Angel Olsen, Mitski and Car Seat Headrest both put out albums including a ton of personal detail and incredibly quotable lyrics. A Giant Dog mixed an appetite for destruction with observations about aging out of a scene. Jeff Rosenstock put out a 17-song punk opus called Worry.

While normally R&B is a bit of a blind spot for me, there were some brilliant releases in 2016 grabbed my attention.The  sisters Knowles–Solange and Beyoncé– both put out excellent, charged albums, Blood Orange’s latest offering was superb and while I still don’t really get Frank Ocean, there were definitely songs on Blonde even I realized were excellent.

While this year’s disappointments were so large that they cast the immediate global future in an anxious shadow of uncertainty, the steep decline of Western Civilization sounded as good as ever.

Shoulder Angel

With her latest album, My Woman, the consistently excellent Angel Olsen stays, well, consistently excellent.

The folk-rocker with the inimitable voice has put out another strong release, and one I prefer to 2014’s Burn Your Fire for No Witness.

My Woman essentially functions as two five-song albums with the first five songs being shorter, punchier rock-folk songs.

Whichever distinct side of an album houses the instant-classic “Shut Up Kiss Me” was always destined to be my favorite. It’s just an absolutely flawless blend of perfect bubblegum pop, tortured torch song and lo-fi rock.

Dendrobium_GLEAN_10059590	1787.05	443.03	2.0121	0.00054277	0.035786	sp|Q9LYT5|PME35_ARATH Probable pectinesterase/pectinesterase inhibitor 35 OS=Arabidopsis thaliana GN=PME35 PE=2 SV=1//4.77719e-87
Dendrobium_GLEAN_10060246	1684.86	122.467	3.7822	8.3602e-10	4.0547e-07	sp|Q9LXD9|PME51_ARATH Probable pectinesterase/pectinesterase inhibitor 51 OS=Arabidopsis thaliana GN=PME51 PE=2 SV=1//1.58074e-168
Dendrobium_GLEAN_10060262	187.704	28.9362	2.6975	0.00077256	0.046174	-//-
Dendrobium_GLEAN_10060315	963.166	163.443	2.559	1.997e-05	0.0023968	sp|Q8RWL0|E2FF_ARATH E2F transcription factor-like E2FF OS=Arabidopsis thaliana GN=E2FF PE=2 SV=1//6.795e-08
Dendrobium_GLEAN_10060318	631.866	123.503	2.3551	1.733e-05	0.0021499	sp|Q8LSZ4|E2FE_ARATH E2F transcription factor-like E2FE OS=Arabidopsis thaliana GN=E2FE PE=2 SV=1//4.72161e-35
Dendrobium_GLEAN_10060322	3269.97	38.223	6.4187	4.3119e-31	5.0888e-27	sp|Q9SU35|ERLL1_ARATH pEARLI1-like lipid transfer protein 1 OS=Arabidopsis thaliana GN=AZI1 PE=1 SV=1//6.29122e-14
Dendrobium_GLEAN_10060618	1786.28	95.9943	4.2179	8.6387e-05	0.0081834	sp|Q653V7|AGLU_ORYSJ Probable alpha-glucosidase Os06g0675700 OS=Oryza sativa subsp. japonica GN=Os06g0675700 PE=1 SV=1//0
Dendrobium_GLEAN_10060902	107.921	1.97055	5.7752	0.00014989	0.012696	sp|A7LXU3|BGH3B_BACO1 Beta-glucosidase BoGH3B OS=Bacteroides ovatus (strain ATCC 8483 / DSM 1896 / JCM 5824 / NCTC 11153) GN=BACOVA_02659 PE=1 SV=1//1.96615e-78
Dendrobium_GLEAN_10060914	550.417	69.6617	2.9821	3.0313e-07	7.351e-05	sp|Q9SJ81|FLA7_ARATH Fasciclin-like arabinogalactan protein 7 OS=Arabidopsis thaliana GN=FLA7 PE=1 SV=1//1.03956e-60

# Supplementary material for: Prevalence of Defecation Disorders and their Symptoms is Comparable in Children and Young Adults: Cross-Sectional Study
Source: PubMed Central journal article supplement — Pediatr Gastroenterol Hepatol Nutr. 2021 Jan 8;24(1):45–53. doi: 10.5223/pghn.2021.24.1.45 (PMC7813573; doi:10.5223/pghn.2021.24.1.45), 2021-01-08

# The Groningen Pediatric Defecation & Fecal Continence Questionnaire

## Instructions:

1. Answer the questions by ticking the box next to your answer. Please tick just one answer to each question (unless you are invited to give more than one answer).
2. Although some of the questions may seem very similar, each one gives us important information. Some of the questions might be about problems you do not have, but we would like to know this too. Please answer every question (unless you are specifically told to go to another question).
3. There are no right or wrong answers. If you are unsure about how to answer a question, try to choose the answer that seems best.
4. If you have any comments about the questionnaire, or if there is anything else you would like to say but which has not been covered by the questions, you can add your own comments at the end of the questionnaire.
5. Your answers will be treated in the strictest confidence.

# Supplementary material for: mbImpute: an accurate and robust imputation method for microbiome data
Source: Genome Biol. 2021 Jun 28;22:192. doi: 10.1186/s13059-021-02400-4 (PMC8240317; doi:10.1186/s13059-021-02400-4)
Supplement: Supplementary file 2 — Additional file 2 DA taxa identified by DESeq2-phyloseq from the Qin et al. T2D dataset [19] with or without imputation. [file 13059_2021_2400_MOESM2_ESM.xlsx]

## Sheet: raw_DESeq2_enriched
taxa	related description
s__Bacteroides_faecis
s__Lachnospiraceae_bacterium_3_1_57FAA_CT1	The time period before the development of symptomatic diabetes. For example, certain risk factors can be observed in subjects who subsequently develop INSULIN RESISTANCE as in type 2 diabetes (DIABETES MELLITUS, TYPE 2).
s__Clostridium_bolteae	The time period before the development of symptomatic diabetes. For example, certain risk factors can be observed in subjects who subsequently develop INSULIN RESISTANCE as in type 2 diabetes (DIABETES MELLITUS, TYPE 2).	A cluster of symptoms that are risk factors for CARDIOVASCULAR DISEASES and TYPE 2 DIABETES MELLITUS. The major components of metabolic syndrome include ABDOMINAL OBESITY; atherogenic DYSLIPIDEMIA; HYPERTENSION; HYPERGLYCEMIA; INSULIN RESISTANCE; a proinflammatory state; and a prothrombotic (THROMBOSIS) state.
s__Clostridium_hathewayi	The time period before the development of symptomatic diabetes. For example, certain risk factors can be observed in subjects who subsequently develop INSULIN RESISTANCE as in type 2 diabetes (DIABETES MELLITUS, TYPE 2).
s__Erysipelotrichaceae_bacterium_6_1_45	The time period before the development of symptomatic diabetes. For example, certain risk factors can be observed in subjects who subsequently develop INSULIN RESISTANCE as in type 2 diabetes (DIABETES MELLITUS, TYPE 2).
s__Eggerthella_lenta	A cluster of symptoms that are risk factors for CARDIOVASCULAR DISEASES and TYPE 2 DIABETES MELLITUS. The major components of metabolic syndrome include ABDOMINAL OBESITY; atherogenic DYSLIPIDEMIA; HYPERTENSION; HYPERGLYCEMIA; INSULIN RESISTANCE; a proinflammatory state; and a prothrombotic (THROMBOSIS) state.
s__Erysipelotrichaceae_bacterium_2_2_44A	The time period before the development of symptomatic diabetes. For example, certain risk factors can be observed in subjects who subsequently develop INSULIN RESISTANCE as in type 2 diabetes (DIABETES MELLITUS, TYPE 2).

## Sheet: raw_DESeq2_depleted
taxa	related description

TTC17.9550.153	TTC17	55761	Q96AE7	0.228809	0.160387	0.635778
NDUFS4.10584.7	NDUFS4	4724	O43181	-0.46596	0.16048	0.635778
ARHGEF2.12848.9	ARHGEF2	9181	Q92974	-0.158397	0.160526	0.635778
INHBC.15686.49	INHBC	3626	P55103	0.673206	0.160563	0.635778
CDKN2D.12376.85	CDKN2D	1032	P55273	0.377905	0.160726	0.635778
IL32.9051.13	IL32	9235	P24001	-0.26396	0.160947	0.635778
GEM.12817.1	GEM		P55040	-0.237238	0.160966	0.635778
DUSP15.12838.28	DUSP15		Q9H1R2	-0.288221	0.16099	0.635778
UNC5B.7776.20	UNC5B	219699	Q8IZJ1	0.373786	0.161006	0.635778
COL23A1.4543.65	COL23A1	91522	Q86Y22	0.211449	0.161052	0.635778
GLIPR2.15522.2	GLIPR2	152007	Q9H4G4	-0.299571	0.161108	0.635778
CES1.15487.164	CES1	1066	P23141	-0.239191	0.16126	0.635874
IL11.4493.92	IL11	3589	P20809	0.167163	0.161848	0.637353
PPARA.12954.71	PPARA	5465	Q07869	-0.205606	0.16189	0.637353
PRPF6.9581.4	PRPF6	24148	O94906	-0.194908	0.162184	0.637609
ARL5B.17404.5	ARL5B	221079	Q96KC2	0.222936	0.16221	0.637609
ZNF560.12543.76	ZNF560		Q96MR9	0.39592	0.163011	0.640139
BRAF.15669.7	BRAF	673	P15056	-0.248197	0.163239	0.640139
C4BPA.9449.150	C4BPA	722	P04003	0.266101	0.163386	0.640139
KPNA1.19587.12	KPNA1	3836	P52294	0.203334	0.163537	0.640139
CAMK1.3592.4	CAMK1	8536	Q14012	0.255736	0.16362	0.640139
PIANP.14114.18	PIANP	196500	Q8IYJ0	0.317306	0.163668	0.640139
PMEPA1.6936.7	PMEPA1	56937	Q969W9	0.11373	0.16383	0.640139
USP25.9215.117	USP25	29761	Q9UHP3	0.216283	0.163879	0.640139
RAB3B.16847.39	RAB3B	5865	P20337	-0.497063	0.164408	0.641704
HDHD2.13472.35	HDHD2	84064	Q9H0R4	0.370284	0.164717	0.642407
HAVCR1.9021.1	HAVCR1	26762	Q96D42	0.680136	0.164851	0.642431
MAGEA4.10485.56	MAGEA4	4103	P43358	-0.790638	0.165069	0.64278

“Shut Up Kiss Me” is the obvious standout, but really everything after the de facto intro, “Intern” to the fade out of”Not Gonna Kill You”is superb folk-tinged rock from an artist with an utterly singular vocal delivery.

Everything in that stretch of the album has a distinctive ’60s influence. It ranges from the girl group groove and sentiments of “Shut Up and Kiss Me”, to the early Beatles unrequited love song feel of “Never Be Mine” to the classic rock dual guitar twang of the flat out stomper “Give It Up”. It all builds  toward wonderful screaming release and undulating guitar spasms toward the end of “Not Gonna Kill You” which conjures up some serious Grace Slick vibes.

Thoroughly outstanding stuff.

The spacier, longer second half has its merits as well.

The slow, country simmer of “Heart Shaped Face”is incredibly listenable, even if it bothers the hell out of me that there’s no hyphen in that compound modifier.

“Sister” is an absolute epic. It keeps building and building and teasing the guitar heroics to come before satisfyingly boiling over.

Album closer,”Pops”, is a sort of distorted John Lennon-esque piano song that doesn’t quite reach the moony feeling of a ballad feels like a perfect place to end the album.

All 10 songs boast a foible, melody or moment of triumph that demands multiple listens. There’s really nothing justifiably skippable even if aside from “Sister” nothing in the back half really approximates the thrills of the first five songs.

And those first five songs are an unbridled joy to revisit way too often.